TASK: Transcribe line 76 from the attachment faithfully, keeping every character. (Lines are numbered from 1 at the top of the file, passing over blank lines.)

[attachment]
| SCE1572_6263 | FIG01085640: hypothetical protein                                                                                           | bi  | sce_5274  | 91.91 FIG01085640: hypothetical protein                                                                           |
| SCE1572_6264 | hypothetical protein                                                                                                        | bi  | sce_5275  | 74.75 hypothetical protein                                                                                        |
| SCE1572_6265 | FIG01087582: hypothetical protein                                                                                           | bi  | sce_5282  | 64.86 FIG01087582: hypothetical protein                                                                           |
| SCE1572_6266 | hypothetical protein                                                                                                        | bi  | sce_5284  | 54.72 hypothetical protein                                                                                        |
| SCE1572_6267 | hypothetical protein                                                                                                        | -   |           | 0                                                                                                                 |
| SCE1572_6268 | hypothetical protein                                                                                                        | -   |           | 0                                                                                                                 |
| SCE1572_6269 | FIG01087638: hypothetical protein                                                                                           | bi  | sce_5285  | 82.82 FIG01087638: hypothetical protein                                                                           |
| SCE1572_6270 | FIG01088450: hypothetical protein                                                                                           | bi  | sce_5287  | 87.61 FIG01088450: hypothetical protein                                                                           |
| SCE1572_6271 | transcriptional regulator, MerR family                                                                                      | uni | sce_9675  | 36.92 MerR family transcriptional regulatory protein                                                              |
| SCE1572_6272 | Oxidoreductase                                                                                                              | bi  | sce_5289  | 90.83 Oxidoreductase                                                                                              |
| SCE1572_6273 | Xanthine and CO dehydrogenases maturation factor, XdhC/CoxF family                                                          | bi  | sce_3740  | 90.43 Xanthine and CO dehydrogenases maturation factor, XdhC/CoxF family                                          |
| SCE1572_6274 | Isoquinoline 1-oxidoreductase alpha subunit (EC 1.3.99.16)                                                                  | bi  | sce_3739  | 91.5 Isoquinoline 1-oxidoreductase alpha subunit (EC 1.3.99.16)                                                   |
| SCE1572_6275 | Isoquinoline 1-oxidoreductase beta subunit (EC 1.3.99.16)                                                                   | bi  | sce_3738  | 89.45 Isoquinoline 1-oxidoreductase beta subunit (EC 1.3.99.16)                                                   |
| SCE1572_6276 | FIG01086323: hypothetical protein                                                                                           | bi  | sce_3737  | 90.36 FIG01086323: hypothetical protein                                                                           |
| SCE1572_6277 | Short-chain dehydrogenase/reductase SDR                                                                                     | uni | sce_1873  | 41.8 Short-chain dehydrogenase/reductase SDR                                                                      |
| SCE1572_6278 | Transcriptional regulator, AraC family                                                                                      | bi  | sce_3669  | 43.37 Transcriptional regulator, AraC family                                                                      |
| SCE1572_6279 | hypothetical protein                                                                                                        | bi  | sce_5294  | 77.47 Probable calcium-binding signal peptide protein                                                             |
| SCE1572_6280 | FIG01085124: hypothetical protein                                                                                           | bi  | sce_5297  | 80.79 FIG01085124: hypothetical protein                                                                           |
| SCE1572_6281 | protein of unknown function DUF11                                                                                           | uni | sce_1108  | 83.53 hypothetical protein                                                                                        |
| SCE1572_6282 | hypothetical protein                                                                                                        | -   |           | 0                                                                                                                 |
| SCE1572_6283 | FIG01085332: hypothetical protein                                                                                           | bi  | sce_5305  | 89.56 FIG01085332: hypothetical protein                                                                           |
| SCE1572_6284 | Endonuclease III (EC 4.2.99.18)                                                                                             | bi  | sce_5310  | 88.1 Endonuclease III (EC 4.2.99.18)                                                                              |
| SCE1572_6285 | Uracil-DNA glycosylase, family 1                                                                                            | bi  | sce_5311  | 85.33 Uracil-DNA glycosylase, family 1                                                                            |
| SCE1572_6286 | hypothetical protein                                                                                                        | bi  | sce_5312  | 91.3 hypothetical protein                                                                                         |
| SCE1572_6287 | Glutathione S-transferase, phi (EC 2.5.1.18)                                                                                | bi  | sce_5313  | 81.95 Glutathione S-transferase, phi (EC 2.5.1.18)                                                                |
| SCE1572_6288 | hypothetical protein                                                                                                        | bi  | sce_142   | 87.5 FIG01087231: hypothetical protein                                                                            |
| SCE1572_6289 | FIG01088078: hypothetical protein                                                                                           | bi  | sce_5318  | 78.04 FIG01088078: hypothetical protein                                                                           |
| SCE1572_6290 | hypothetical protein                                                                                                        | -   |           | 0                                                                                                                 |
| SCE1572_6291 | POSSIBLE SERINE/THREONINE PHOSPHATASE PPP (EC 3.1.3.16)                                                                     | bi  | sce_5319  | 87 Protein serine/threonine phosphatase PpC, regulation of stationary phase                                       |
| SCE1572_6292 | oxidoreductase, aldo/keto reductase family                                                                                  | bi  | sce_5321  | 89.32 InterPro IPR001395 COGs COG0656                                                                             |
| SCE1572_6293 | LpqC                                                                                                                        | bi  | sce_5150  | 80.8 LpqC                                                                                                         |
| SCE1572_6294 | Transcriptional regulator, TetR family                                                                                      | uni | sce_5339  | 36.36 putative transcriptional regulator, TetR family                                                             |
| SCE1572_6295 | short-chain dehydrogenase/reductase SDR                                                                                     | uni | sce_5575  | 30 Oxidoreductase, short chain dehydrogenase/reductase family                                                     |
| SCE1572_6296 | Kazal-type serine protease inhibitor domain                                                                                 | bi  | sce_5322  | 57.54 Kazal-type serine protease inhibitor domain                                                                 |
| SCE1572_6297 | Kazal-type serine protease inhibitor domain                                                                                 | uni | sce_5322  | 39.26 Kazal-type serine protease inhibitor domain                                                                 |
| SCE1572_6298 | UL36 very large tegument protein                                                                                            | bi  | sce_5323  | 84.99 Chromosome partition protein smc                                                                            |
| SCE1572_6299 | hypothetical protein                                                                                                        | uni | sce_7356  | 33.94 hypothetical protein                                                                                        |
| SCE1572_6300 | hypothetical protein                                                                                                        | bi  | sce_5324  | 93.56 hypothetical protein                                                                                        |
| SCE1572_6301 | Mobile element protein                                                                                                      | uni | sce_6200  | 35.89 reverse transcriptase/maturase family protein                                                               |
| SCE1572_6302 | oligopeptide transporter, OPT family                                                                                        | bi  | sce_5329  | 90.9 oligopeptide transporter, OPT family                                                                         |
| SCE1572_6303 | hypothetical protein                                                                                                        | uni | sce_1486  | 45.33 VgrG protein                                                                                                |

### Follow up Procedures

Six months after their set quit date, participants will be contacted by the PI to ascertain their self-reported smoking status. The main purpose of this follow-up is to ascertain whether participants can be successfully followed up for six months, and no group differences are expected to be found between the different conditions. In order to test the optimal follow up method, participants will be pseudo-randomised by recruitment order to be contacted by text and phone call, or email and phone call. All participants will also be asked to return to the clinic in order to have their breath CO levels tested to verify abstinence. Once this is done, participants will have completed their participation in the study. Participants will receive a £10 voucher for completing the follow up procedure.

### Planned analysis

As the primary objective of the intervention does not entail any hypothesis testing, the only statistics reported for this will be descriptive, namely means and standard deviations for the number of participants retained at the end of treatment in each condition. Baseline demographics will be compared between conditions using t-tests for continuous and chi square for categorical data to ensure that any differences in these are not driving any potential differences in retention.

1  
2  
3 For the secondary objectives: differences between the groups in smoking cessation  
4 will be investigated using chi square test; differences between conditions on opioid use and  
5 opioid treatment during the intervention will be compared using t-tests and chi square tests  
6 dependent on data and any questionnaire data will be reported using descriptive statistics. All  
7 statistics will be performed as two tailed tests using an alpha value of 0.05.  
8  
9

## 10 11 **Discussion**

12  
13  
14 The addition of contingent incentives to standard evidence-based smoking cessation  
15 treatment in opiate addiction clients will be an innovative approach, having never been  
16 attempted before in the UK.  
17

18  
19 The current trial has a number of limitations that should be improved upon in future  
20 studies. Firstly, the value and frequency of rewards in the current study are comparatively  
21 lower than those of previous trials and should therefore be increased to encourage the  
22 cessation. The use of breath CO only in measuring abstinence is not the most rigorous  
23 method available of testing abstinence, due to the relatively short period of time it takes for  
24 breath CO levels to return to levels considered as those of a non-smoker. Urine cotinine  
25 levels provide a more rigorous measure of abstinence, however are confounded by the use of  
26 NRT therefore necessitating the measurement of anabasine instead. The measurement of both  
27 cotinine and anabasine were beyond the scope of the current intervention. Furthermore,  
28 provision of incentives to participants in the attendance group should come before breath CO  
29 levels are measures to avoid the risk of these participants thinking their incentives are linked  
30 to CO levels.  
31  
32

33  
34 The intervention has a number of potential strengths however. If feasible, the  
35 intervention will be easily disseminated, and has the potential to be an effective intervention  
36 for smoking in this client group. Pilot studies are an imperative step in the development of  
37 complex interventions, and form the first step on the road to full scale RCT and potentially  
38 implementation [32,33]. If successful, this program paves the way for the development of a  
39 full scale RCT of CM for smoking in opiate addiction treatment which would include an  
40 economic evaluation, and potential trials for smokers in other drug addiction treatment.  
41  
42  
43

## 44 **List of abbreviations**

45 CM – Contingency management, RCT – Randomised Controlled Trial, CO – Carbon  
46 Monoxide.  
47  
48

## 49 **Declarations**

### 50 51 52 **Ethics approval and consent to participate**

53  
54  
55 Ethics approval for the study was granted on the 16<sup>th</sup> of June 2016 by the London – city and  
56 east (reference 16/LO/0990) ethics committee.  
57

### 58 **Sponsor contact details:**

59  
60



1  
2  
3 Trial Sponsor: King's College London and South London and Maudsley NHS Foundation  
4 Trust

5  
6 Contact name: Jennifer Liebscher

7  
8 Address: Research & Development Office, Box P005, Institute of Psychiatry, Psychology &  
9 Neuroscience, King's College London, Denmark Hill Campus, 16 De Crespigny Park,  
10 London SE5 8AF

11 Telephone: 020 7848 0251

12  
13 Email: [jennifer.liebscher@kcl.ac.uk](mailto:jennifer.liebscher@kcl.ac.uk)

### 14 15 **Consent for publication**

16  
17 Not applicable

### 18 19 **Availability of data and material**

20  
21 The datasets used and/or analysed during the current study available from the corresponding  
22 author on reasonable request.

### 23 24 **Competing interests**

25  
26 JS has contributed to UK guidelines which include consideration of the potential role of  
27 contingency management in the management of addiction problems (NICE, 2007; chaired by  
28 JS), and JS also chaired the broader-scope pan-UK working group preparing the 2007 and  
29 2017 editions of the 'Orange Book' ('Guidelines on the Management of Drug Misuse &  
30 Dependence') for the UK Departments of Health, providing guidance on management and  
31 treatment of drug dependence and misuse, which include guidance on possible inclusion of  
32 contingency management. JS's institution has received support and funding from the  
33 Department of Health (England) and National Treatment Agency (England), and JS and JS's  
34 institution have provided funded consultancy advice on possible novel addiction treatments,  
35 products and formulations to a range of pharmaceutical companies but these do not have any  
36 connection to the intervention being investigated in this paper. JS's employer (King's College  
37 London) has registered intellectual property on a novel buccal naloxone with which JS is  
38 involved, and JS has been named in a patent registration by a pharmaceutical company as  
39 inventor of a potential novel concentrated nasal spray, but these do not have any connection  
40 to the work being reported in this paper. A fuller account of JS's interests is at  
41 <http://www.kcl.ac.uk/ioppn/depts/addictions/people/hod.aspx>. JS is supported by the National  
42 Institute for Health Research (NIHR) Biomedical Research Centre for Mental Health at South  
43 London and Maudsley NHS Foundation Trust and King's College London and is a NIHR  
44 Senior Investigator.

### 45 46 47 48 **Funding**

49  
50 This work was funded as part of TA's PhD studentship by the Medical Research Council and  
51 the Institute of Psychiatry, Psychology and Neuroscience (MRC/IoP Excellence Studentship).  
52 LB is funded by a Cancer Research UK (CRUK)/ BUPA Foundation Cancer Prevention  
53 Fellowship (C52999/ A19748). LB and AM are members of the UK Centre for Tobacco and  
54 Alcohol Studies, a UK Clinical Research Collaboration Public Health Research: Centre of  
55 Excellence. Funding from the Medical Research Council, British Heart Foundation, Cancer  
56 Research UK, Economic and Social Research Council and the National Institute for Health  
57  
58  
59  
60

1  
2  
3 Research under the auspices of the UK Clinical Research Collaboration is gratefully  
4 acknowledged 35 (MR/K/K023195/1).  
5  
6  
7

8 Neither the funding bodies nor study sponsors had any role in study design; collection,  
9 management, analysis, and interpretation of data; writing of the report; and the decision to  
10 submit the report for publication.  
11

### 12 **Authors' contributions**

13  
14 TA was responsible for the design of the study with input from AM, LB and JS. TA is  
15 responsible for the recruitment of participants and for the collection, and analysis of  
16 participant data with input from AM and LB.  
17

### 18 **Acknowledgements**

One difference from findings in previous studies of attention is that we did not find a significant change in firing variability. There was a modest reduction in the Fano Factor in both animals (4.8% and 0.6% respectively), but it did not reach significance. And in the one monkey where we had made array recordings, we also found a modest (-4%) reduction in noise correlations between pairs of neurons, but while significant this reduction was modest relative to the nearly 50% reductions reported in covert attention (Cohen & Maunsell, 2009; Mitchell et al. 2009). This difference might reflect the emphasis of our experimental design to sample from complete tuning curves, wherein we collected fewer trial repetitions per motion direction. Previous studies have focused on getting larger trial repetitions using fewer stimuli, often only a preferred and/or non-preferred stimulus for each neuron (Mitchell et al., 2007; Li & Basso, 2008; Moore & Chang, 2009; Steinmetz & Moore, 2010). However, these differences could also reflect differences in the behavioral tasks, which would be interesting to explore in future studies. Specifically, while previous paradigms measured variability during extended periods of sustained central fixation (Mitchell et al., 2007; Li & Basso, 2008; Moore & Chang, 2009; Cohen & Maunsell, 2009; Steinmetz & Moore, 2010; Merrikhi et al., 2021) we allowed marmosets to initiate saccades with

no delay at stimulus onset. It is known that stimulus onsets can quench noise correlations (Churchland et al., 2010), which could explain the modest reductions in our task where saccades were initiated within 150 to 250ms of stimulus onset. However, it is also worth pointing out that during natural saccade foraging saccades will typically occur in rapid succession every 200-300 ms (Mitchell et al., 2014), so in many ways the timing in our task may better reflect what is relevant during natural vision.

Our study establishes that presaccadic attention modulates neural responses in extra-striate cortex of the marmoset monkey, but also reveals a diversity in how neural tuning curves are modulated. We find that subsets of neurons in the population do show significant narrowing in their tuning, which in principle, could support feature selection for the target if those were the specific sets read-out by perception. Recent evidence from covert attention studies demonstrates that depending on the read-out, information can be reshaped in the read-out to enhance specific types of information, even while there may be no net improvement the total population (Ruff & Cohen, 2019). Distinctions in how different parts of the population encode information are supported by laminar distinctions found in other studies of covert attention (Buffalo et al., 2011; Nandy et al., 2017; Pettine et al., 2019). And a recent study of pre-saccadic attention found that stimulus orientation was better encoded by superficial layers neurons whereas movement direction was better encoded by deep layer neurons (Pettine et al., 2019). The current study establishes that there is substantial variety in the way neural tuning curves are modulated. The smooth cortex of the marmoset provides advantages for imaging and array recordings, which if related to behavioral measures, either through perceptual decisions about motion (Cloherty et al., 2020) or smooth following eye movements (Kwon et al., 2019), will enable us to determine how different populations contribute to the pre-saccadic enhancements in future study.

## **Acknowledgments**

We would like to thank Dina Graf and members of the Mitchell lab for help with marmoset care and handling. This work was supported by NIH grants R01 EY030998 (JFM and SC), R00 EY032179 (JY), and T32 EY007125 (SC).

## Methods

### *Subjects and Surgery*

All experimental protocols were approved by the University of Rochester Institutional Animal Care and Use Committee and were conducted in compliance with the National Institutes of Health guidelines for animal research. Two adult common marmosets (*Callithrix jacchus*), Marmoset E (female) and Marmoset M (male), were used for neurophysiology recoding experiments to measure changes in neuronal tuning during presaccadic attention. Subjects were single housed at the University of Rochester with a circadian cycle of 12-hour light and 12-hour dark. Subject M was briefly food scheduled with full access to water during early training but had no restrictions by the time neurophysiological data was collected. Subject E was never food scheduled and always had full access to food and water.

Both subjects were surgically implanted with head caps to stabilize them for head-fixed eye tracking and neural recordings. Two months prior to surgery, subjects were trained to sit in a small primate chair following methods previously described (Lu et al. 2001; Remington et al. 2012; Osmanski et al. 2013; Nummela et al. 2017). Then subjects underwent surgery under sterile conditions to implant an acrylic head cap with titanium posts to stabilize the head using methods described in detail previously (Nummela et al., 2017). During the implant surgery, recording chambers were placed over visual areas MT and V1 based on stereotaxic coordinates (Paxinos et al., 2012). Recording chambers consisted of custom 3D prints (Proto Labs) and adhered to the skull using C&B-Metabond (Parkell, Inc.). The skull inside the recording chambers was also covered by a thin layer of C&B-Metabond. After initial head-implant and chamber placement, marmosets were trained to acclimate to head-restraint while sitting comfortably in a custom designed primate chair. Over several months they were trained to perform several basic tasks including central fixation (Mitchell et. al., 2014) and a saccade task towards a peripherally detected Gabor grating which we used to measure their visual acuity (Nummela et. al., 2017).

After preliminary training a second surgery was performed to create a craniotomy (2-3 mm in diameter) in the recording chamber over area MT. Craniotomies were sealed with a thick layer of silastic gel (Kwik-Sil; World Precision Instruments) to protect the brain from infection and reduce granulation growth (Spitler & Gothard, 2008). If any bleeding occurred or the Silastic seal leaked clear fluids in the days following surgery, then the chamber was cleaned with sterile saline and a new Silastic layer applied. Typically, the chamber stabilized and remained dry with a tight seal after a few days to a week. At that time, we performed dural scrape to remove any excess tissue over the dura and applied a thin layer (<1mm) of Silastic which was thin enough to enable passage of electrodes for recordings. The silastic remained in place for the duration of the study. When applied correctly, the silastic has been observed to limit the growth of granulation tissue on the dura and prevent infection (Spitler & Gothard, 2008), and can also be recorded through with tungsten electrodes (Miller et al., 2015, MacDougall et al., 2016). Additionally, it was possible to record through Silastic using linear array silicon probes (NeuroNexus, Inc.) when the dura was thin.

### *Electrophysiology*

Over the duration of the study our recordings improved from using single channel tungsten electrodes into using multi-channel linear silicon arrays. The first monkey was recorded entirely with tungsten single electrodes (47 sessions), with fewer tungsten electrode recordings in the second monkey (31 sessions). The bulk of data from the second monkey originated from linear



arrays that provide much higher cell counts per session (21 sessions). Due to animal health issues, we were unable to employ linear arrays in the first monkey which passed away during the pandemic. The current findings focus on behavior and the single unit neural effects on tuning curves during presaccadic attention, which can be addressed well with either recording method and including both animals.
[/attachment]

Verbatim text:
32